Common reactions to extended sleep loss:. Inattention, staring, trembling hands, drooping eyelids, and an increased sensitivity to pain.

Sleep-deprivation psychosis.. Confusion and disorientation, delusions (false or distorted beliefs), and hallucinations in reaction to loss of sleep (more than 60 hours deprivation --more likely at 100-200 hours of loss --and more severe reactions in older adults.

Sleep Patterns.. Once a day, 2-l ratio of time awake and time asleep (7-8 hours is average). Long sleepers tend to be daytime "worriers." Short sleepers are typically "non-worriers." Need of sleep decreases from infancy (20 hours a day in 2- to 4-hour cycles) to adulthood, and people over 50 average only about 6 hours of sleep a night.

Electroencephalograph. (EEG). Brain wave machine can measure changes. Brain gives off tiny electrical signals that can be amplified and recorded --show a pattern of brain waves.

Somnambulist.. Sleepwalkers. They avoid obstacles, descend stairways, climb trees, and on rare occasions may step out windows or in front of automobiles. Eyes are usually open, but a blank face, a lack of recognition, and shuffling feet show person is still asleep. Waking does no harm. Just not necessary. Occurs during NREM sleep stages 3 and 4.

Sleeptalking.. NREM stage and appears to be an outlet for NREM "thinking."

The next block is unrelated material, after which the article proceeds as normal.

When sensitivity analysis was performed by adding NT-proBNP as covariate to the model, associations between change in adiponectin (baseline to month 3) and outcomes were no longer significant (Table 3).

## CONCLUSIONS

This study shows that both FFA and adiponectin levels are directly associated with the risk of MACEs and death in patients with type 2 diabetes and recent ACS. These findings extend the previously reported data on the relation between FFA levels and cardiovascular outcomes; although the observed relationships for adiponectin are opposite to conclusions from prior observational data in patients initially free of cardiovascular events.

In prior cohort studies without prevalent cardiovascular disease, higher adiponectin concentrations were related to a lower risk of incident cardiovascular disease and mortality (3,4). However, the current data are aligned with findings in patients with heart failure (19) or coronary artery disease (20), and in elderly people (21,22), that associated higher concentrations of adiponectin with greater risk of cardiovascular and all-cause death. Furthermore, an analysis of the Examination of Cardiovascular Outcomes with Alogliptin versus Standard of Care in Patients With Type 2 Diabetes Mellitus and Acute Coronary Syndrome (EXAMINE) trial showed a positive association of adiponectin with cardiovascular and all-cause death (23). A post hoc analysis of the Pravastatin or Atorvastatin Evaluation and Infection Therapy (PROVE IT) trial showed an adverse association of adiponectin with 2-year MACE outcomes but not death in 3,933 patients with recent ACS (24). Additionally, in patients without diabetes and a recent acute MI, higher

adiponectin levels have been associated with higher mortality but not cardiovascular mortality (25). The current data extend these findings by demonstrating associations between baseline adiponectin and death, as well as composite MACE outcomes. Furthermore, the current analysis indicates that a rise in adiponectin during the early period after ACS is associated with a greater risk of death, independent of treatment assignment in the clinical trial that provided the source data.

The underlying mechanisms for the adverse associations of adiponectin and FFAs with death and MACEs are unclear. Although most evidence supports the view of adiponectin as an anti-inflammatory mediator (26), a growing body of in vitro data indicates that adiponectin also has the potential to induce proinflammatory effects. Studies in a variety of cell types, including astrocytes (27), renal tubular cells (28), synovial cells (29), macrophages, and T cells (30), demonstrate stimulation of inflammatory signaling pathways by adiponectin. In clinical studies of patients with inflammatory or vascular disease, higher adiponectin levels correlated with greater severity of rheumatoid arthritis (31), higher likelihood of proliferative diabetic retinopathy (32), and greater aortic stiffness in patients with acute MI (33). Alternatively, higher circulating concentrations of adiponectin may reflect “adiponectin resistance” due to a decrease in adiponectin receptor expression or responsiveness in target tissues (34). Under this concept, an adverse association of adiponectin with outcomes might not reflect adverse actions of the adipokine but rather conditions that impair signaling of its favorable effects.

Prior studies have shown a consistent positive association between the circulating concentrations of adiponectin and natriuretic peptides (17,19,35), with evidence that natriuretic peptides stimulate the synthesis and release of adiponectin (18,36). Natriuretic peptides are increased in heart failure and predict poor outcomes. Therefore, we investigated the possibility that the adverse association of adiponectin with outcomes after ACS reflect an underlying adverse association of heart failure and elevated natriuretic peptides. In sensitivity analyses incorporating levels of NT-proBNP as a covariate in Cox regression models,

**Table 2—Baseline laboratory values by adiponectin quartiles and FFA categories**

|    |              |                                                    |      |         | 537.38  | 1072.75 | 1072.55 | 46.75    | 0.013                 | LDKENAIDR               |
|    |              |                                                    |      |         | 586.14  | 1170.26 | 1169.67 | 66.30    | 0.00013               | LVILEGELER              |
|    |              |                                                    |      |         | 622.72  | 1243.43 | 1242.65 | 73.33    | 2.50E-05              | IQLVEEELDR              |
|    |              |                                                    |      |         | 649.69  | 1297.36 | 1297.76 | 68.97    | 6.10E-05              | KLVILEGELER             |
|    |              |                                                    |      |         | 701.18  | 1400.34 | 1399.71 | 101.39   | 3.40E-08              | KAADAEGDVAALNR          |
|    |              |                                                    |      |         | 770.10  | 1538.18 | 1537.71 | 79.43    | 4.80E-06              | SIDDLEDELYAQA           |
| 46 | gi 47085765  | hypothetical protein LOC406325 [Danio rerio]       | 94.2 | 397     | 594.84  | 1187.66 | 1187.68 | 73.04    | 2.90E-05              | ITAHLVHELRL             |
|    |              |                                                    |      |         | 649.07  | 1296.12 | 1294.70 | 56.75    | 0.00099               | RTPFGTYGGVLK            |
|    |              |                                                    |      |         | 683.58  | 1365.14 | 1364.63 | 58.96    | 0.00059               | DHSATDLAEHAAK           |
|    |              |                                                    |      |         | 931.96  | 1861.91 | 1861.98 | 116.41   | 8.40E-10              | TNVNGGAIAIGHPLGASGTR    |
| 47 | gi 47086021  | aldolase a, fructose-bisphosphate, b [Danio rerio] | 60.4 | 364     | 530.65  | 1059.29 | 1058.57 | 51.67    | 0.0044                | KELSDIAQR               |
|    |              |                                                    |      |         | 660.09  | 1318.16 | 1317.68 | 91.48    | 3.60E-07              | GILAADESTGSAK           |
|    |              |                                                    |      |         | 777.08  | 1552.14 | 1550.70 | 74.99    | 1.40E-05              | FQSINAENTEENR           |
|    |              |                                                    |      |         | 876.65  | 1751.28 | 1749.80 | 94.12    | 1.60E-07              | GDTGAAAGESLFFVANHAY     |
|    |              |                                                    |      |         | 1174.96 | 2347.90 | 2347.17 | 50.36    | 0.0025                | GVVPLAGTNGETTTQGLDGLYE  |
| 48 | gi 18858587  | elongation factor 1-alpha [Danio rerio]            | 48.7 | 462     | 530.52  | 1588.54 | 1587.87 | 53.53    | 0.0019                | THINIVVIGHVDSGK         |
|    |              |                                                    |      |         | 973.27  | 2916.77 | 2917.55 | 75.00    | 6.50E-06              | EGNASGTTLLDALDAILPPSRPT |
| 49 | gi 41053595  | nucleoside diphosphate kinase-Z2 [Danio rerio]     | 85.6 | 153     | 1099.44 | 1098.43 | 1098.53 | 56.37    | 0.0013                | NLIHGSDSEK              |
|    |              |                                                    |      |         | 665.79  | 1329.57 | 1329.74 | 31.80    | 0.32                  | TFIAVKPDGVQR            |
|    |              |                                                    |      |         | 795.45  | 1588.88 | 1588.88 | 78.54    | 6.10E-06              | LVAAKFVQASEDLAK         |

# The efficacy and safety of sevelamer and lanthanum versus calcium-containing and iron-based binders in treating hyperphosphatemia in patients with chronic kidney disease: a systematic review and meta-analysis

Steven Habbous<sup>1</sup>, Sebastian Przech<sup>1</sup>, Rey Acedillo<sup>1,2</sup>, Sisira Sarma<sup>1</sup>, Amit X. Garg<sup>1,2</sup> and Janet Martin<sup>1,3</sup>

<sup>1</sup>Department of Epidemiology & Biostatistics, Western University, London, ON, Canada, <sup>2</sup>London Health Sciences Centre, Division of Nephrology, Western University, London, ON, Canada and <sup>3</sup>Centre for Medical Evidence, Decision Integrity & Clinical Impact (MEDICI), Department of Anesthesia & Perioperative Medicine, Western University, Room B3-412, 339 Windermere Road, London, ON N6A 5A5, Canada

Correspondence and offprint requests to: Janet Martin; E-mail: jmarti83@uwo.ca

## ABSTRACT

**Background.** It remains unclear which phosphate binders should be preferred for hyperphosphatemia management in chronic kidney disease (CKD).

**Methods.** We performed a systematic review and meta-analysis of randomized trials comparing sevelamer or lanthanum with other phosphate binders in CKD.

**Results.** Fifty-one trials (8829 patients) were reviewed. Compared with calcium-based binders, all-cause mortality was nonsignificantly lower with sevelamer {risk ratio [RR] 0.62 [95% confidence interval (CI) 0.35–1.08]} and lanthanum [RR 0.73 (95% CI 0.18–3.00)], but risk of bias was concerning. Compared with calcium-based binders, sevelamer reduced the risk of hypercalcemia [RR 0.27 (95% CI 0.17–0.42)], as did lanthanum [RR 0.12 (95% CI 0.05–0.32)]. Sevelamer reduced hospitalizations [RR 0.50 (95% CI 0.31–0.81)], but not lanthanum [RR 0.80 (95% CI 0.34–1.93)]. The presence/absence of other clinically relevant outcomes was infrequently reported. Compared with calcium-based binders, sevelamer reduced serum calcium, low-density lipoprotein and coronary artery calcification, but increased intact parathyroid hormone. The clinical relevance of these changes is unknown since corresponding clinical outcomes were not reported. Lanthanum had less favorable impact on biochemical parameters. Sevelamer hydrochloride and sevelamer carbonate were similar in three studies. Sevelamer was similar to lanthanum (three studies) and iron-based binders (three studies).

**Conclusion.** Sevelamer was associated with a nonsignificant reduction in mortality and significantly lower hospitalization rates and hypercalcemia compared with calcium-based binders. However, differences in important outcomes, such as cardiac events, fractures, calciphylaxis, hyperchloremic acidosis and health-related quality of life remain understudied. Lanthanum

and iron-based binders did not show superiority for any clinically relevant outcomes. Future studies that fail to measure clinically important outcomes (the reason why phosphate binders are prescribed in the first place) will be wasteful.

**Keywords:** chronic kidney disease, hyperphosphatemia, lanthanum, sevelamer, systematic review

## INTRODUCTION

Nightmare.. Simply a bad dream that takes place during REM sleeping.

Night terror.. Stage 4. Person suffers total panic, may sit up, scream, get out of bed, run around the room, may hallucinate frightening dream images into the room itself. Attach may last 15-20 minutes. Person awakens drenched in sweat, but only vaguely remembers the terror itself. Occurs during NREM sleep (when the body is not immobilized).

Narcolepsy.. REM sleep intrudes into waking state. Sudden irresistible sleep attacks. Fall immediately into REM sleep. From a few minutes to a half hour. May fall asleep while standing, talking, or even driving. Emotional excitement, especially laughter, commonly triggers narcolepsy.

Cataplexy.. May accompany narcolepsy --a sudden temporary paralysis of the muscles, leading to complete body collapse.

Insomnia.. Trouble getting to sleep. May be Temporary. May become drug dependent.

Sleep Apnea.. Snoring, breath-holding. Breathing stops for periods of 20 seconds to 2 minutes. Need for oxygen becomes intense. Person wakes a little and gulps air. Settles back to sleep. Breathing stops again. Cycle is repeated hundreds of times a night.